AKHTAR HAMEED KHAN: Portrait of a social entrepreneur | The Daily Star
12:00 AM, October 09, 2015 / LAST MODIFIED: 12:00 AM, October 09, 2015

AKHTAR HAMEED KHAN: Portrait of a social entrepreneur

Akhtar Hameed Khan's life blossomed in phases, going through several transitions to shape the empathetic man that everyone knows. 

Born in 1914 in undivided India, Khan admired German philosopher Nietzsche in his early life, as he aspired to be a someone who goes beyond conventional good and evil, self-restraint, humanity and compassion. 

After completing his university education, Akhtar Hameed Khan (PhD) joined the Indian Civil Service (ICS), the most prestigious job in British India. He began his life as a civil servant at the Comilla Collectorate School and College in 1938. Curiously enough, destiny brought him back to Comilla after 12 years to begin his second career as the Principal of the Comilla Victoria College in 1950, and later as Director of the Comilla Academy in 1959. 

Khan, a well-read person, acquired knowledge on various disciplines and devoted his knowledge towards social change for emancipation of common people. His innovative ideas were cradled by his integrity and moral values. 

As an officer of the ICS, Khan had power and authority, and he also had seen the abuse of power and misuse of authority. He saw the famine of 1943 in India. Since then, he thought of doing something for the poor and by the poor. The World War II experience shocked him. He saw the atrocities of the British rule and the suffering of poor people during the famine created by the imperial power. As he believed that he could not be of fruitful service to the people for whom he was engaged, he resigned from imperial service in 1945. After his resignation from the prestigious ICS, he was able to totally surrender his body and mind to the service of the common people. 

After resigning from the ICS, Akhtar Hameed spent around two years in the village of Mamolla near Aligarh. There he lived like a pauper. His wife and he rented a small house in the village along with a herd of livestock, living like any other poor peasant family. When living like that did not fulfill their needs, Khan worked as a day labourer, a printing press worker and even as a locksmith apprentice. After the partition in 1947, he migrated to Karachi to begin a new life.

Because of his past links with the ICS, Akhtar Hameed Khan was able to quickly find a job at the Comilla Victoria College as its principal. He remained at Victoria College until 1958, taking a break in 1954-55, when he was on deputation as Director of the Village Agriculture Industrial Development(VAID) programme. His eight years as principal of the college was memorable for a number of significant events. 

In the 1960s, when food shortage was acute in the country and could only be tackled through modernising agriculture with the help of a structurally sound rural development programme,  Khan began his journey in rural development as the director of the Bangladesh Academy for Rural Development (BARD). He took multidimensional efforts, focusing on three critical areas of development – administrative infrastructure, physical infrastructure, and socio-economic infrastructure. 

The Academy under the leadership of Akhtar Hameed Khan took up projects like the organisation of village-based cooperative societies, training of village Imams and popularising the use of contraceptive methods, the implementation of which would open up opportunities for progressive attitudes, ignoring orthodox traditions.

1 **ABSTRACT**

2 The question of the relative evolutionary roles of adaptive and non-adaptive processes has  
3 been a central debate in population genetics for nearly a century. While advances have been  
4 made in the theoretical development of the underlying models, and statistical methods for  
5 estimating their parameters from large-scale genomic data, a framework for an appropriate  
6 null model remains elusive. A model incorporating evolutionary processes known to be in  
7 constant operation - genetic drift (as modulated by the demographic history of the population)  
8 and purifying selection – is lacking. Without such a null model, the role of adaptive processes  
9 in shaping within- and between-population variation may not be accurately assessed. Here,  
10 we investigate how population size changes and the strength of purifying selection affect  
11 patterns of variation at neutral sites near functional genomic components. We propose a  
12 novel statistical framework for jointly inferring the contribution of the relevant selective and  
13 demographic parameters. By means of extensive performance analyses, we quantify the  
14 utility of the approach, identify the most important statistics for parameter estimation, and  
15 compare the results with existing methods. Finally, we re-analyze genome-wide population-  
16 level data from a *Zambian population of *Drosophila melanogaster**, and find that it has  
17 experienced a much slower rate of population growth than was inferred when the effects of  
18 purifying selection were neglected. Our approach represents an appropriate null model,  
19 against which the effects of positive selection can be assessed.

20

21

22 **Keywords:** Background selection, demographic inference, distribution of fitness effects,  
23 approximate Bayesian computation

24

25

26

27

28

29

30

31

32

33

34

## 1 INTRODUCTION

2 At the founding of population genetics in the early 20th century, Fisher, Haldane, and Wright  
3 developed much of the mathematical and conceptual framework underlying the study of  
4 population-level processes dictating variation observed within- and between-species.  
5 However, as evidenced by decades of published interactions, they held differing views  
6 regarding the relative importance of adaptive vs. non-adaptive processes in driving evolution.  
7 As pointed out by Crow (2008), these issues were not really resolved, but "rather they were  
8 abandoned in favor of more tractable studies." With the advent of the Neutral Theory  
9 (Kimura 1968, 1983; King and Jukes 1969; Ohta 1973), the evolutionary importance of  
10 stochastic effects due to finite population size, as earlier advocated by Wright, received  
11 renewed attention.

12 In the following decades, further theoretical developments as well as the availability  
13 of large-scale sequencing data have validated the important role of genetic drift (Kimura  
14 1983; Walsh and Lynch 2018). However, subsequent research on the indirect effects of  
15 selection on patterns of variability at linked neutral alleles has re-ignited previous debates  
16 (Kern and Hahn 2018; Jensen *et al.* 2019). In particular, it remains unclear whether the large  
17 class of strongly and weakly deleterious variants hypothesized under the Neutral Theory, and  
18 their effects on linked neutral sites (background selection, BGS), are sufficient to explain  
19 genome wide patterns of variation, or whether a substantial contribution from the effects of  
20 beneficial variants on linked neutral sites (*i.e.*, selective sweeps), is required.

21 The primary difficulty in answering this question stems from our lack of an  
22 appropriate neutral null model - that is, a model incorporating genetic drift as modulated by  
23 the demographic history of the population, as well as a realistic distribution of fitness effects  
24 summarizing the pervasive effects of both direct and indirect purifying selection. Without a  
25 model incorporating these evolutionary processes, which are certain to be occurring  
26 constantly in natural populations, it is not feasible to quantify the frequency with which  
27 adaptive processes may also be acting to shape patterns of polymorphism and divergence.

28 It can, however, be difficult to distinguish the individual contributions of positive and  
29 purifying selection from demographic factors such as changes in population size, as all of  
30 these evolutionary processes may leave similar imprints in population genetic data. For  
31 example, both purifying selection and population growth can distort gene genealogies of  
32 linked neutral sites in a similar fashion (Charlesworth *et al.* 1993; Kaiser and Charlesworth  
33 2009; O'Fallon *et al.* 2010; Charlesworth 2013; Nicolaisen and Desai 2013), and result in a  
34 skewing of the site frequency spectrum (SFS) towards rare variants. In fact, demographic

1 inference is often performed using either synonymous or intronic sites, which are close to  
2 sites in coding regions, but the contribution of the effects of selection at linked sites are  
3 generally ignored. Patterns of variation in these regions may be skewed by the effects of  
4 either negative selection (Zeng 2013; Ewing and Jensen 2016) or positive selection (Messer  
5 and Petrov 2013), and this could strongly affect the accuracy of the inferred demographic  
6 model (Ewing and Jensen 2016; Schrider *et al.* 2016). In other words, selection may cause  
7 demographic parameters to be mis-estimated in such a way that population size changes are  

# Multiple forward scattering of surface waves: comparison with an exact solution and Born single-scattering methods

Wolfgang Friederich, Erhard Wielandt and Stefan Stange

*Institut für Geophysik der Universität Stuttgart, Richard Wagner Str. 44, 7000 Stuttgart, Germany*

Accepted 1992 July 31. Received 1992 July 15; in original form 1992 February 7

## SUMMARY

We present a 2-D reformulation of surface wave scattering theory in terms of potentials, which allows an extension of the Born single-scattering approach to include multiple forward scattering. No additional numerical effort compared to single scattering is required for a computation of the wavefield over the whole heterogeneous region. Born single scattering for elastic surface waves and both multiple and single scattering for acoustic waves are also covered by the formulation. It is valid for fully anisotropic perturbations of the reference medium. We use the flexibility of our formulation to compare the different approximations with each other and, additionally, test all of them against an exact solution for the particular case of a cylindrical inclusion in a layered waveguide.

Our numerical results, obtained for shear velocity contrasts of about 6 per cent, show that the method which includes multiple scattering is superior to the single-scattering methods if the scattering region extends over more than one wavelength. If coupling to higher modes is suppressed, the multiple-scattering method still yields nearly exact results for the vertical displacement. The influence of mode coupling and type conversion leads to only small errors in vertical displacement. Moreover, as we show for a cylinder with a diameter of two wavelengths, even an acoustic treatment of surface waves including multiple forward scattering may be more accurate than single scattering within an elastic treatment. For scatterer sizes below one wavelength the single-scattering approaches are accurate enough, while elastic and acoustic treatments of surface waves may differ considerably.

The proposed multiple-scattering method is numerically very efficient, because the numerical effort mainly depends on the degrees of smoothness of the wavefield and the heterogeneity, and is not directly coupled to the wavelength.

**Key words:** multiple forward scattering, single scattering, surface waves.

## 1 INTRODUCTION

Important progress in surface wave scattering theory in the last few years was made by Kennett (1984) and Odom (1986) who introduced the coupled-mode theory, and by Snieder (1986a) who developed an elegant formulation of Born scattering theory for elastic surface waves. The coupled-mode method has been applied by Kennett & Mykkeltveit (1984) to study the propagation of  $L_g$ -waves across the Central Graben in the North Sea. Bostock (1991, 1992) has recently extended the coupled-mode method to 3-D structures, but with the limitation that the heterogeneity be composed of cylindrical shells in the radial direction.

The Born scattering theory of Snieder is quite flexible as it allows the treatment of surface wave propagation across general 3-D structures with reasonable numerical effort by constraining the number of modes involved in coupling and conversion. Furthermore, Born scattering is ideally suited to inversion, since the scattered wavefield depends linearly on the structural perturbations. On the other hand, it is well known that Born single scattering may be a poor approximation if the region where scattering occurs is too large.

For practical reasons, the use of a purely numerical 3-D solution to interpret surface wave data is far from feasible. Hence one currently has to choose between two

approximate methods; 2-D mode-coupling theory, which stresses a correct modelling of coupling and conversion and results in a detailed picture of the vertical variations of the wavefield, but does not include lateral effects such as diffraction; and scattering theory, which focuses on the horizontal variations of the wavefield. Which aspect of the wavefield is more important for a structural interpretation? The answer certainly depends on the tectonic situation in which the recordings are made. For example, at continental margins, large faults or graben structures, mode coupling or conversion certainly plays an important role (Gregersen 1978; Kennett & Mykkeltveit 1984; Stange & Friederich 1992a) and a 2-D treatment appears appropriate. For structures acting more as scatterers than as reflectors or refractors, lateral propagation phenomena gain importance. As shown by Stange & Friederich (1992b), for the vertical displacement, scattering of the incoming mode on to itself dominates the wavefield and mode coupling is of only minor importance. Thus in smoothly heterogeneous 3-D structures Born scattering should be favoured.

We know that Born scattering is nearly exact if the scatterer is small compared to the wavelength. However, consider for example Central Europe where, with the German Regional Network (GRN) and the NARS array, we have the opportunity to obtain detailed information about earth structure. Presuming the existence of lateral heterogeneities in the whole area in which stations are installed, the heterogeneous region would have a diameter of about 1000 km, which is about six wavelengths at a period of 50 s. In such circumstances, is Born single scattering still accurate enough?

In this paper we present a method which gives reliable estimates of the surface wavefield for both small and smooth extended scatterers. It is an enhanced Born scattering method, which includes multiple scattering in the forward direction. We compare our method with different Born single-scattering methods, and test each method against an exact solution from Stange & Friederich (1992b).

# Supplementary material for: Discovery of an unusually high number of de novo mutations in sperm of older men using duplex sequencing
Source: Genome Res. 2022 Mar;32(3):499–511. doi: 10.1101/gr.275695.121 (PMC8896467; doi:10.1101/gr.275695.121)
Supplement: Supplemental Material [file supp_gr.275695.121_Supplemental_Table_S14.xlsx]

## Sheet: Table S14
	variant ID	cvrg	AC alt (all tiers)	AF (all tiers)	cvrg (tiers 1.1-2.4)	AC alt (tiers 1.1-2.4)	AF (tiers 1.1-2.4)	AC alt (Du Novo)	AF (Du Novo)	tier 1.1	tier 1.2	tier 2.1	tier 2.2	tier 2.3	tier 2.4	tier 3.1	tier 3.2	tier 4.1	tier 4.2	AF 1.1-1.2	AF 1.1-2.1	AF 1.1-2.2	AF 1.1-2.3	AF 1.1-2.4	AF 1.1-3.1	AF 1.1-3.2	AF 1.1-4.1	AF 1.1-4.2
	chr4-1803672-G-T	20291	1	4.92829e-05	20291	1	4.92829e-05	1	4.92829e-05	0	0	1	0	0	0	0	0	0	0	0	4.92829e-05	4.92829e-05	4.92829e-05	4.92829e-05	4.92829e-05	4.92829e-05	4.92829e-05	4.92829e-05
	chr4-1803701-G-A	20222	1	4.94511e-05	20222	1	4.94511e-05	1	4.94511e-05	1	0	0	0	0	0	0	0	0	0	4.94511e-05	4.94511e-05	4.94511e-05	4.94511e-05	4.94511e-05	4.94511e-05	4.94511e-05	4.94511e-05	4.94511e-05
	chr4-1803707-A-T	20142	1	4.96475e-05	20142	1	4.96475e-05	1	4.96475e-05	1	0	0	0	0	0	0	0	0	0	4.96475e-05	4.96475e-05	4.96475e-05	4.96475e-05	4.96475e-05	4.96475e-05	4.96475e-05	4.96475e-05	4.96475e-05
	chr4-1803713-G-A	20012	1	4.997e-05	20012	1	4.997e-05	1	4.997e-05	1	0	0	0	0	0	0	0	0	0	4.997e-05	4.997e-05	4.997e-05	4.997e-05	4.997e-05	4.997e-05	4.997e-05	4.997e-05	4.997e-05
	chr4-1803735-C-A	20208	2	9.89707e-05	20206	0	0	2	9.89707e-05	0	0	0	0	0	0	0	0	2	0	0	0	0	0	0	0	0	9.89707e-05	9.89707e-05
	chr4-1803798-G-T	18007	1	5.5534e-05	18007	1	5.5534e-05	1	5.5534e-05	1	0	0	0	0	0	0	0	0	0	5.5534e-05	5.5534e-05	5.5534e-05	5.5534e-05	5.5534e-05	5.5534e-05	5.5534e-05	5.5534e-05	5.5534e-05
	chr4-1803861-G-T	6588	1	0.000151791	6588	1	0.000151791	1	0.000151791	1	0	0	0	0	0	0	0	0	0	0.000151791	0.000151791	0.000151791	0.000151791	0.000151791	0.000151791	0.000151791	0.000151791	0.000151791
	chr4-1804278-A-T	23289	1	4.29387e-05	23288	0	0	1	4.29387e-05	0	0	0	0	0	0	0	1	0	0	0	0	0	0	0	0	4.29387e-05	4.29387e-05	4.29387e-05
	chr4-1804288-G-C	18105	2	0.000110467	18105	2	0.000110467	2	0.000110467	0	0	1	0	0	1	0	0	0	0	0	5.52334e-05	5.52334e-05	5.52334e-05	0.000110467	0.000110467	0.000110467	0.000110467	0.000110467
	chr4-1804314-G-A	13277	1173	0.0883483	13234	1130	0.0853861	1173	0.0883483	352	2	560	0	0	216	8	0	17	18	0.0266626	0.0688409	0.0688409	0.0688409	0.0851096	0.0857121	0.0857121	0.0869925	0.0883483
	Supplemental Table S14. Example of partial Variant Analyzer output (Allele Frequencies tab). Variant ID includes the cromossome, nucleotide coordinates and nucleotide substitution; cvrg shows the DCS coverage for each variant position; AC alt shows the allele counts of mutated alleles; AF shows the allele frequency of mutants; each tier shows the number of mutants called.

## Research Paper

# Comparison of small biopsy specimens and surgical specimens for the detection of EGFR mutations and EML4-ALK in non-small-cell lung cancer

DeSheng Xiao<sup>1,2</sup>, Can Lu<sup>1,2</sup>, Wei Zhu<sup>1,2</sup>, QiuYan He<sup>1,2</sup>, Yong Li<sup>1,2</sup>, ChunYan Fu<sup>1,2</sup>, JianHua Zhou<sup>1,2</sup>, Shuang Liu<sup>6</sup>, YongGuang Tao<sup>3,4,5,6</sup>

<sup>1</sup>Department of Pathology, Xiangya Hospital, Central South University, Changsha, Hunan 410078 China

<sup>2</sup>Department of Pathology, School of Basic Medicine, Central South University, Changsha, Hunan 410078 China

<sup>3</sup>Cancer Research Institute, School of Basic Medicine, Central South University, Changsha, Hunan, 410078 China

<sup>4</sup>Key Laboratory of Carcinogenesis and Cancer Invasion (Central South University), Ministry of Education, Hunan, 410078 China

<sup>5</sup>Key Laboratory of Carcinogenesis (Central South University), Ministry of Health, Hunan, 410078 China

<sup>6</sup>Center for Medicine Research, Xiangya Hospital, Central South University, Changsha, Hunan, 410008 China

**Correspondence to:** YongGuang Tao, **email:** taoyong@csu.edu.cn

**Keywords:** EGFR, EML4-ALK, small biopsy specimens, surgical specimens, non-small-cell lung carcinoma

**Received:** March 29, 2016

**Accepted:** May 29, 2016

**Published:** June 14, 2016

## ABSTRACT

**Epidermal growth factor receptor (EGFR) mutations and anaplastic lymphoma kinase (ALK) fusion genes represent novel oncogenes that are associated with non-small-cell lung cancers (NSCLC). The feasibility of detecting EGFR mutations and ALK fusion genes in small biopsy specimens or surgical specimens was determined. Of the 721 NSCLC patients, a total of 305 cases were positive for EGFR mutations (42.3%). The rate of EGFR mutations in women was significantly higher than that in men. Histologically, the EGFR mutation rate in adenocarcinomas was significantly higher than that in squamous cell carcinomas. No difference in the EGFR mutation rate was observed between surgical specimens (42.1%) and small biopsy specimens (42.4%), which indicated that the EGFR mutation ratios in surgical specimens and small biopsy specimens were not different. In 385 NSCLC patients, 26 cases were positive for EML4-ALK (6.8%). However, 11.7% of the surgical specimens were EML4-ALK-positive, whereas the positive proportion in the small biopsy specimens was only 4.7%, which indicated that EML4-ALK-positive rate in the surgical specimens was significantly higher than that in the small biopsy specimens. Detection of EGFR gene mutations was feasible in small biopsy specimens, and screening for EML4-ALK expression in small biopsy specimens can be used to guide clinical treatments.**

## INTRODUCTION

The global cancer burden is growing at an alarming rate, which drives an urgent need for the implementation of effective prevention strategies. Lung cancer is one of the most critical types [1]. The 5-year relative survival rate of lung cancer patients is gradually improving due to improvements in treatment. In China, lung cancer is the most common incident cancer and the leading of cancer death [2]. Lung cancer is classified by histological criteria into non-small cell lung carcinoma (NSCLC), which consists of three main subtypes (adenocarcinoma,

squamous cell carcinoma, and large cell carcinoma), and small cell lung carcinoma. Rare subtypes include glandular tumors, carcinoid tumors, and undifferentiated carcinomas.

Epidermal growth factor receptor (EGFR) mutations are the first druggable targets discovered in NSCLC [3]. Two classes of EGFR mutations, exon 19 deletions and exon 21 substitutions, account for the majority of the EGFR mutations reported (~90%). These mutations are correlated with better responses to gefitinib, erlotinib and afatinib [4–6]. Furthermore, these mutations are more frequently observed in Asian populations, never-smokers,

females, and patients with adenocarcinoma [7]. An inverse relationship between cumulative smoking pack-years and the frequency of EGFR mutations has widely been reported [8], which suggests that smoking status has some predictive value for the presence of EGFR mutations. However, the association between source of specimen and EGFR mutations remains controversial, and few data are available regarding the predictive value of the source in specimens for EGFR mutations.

Throughout his life, Khan was occupied by the demise of his mother as he wrote in his biography, “At the age of fourteen, she was married to my father, who was a police sub-inspector. After begetting and nursing six children in eleven years, she lost her health. But when a seventh child was born, my mother became a full-fledged tuberculosis patient, suffered terribly for six years, and died in 1932. She was then 36 years old”. The tragedy of losing his mother at such a young age probably led him to launch the programme for women in 1960, which promoted the emancipation of women, and focused on their health and literacy through training. The sufferings of aristocrat Muslim women, like his mother, provided Akhtar Hameed Khan the drive to fight for the rights of women. He introduced family planning programmes in the Comilla Pilot Project area to prevent untimely deaths of mothers.

Akhtar Hameed had high esteem and confidence in the entrepreneurship skills and capabilities of women. He writes in his biography, “In the realm of economics, faith assumes the shape of enterprise, the exercise of initiative, taking of risks, facing hardship, suffering losses and making gains. Long ago, I read the proverb that faith moves mountains. In the course of association with the common people, I have seen with my own eyes what the spirit of enterprise can accomplish.” 

Having looked at Akhtar Hameed's life, we see that he started his journey towards enlightenment through Nietzsche but finally adopted Rumi's Sufism. He realised that egoism or idealism could not solve human problems and sufferings but practical actions could. 

Akhtar Hameed Khan died of myocardial infarction on October 9, 1999 in the US at the age of 85. He was buried in Karachi on October 15. 

Social entrepreneurs invent new ideas, approaches and models to create and procreate wealth, to promote social wellbeing and to remove socio-economic ills. Akhtar Hameed Khan played his role diligently to achieve these goals as the undisputed pioneer of social entrepreneurship. We can only hope that youngsters of the country are influenced by the values of this legendary figure and serve disadvantaged people living in rural areas of Bangladesh with humility and a sense of justice.

The writer is former chairman, Jubok Commission. 
E-mail: rafiqul.personal@gmail.com

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